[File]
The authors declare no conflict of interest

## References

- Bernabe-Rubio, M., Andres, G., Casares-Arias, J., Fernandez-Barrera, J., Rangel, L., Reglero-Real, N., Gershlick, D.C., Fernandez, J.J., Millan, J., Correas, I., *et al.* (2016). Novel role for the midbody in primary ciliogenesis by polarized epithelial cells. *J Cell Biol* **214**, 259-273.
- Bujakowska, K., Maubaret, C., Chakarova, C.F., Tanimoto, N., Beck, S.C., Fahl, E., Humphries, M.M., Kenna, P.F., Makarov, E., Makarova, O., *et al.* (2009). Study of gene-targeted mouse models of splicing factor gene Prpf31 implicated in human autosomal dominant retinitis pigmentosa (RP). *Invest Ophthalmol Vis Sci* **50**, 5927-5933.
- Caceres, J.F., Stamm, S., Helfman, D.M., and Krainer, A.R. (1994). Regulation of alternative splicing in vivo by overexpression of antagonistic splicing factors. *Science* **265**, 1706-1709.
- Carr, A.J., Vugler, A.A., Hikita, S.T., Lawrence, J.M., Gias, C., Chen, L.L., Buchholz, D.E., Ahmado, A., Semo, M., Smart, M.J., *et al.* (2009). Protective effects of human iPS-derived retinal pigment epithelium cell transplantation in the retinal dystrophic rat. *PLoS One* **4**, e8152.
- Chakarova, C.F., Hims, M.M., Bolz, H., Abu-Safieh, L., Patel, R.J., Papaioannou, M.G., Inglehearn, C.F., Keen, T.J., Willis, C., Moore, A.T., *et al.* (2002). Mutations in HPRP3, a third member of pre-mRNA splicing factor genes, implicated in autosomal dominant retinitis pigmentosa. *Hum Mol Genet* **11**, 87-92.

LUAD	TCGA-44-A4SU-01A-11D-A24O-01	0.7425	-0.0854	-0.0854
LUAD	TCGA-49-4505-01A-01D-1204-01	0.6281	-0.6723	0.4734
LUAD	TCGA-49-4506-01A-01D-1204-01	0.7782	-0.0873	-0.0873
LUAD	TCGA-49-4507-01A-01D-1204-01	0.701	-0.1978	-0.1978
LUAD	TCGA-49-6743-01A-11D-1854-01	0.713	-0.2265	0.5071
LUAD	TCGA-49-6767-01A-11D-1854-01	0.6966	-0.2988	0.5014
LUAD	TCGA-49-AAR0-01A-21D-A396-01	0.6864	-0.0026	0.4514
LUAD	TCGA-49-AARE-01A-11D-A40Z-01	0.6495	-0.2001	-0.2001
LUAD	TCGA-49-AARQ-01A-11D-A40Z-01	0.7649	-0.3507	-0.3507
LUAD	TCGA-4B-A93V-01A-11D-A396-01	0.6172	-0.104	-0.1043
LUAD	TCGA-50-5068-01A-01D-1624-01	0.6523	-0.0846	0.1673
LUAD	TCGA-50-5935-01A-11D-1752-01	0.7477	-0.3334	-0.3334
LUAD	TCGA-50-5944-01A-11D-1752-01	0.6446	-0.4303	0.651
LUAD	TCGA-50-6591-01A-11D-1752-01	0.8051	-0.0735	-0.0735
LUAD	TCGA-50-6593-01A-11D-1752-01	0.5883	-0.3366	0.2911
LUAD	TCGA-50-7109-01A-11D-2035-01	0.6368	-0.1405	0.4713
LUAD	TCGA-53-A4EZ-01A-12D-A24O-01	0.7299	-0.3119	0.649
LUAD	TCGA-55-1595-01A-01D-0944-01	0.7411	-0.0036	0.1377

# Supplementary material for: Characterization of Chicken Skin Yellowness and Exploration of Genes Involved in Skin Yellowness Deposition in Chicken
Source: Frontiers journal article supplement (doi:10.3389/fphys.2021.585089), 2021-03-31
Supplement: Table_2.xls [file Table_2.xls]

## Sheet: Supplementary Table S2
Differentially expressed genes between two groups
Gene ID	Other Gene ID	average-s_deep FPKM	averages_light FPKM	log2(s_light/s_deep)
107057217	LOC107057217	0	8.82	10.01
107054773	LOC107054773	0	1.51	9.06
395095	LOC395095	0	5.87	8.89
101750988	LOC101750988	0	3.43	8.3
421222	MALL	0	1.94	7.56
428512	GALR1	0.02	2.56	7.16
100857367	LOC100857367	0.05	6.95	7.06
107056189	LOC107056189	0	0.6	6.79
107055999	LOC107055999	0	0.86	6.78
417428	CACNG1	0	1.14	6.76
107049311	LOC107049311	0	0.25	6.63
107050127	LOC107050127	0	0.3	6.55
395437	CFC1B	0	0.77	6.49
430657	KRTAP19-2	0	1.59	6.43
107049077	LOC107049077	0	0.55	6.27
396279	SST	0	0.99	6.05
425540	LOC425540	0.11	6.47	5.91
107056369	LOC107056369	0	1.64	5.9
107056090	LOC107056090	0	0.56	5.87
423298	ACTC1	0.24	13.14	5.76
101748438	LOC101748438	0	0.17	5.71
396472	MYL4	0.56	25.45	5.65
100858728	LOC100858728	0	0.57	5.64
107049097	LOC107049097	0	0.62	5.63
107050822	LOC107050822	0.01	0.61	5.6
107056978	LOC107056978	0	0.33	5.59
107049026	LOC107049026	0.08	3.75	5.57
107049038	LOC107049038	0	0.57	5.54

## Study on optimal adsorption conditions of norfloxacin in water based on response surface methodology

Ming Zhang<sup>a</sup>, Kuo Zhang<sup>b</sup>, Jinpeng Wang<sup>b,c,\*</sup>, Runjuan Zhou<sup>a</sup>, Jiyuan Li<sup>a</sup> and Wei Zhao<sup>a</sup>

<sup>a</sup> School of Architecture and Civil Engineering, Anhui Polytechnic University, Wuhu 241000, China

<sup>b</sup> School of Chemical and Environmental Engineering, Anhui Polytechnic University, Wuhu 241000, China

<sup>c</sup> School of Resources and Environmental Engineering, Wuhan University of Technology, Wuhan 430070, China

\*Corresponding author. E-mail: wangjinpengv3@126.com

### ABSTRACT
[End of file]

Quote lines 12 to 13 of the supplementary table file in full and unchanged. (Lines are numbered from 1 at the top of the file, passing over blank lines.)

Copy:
LUAD	TCGA-49-6743-01A-11D-1854-01	0.713	-0.2265	0.5071
LUAD	TCGA-49-6767-01A-11D-1854-01	0.6966	-0.2988	0.5014